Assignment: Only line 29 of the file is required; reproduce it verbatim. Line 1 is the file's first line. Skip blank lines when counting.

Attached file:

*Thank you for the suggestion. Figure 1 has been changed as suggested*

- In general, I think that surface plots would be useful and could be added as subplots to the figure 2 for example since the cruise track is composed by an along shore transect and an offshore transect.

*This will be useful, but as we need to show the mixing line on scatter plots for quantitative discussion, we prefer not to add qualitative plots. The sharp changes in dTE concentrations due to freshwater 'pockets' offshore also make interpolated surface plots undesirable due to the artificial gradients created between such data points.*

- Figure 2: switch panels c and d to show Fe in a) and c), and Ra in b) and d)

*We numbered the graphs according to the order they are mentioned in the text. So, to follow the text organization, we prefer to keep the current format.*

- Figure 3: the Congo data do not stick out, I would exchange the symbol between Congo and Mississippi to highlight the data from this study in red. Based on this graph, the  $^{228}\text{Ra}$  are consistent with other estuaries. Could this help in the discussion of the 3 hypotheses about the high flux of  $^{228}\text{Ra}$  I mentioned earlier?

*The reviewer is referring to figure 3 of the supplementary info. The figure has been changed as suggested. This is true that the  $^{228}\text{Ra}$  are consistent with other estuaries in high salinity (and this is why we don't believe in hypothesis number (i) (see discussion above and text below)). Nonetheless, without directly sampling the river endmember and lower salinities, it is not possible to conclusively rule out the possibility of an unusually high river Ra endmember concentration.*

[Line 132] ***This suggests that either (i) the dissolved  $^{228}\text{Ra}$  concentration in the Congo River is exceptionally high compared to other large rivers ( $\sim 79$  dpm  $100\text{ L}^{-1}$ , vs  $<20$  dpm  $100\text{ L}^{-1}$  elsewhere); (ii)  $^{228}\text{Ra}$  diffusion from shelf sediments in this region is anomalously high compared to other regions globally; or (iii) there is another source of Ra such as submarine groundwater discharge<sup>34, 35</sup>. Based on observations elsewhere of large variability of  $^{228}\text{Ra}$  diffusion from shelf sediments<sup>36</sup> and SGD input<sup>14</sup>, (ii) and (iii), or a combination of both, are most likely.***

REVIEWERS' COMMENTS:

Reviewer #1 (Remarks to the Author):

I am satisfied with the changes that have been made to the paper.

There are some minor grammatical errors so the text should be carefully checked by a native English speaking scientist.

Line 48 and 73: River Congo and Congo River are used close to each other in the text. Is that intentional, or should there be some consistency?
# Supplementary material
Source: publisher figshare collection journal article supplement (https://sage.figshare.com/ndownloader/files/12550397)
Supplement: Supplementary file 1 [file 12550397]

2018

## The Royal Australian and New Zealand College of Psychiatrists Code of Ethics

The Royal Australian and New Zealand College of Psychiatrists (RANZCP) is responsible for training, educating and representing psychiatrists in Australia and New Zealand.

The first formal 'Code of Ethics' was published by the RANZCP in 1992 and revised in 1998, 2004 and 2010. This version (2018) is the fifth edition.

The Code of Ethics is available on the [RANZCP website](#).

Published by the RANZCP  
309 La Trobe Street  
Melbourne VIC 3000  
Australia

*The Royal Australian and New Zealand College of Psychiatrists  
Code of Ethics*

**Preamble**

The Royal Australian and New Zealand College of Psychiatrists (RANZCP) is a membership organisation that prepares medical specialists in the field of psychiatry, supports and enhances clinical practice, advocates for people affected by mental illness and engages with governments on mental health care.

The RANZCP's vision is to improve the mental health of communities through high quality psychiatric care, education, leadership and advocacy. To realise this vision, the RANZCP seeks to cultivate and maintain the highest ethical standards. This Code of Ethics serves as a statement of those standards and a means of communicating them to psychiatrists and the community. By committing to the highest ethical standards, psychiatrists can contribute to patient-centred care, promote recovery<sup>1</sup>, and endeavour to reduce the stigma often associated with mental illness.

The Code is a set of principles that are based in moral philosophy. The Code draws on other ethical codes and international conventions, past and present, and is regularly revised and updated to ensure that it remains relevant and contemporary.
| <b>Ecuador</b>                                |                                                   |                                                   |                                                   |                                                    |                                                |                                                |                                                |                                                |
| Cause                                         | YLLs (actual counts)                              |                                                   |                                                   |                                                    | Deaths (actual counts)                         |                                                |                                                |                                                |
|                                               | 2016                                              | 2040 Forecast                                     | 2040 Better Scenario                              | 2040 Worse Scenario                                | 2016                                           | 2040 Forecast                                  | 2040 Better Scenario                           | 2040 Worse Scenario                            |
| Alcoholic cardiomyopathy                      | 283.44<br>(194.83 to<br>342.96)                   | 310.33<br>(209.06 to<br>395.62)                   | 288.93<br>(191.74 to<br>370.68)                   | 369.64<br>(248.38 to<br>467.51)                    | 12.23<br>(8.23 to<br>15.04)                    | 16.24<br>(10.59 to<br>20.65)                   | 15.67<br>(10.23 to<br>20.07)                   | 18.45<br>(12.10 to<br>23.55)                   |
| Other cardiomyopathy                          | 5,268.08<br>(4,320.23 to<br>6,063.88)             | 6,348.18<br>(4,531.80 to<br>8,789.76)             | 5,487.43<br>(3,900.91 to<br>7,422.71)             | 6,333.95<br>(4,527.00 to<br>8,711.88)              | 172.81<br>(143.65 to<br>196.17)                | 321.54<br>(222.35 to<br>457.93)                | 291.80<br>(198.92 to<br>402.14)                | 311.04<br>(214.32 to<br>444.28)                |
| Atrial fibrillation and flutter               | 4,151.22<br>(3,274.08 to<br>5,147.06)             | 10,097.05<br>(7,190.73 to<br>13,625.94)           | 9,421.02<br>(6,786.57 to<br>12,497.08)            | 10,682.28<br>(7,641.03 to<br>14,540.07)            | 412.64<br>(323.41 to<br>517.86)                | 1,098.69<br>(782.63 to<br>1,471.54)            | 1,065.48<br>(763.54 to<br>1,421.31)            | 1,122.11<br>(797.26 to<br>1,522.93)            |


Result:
The Royal Australian and New Zealand College of Psychiatrists (RANZCP) is a membership organisation that prepares medical specialists in the field of psychiatry, supports and enhances clinical practice, advocates for people affected by mental illness and engages with governments on mental health care.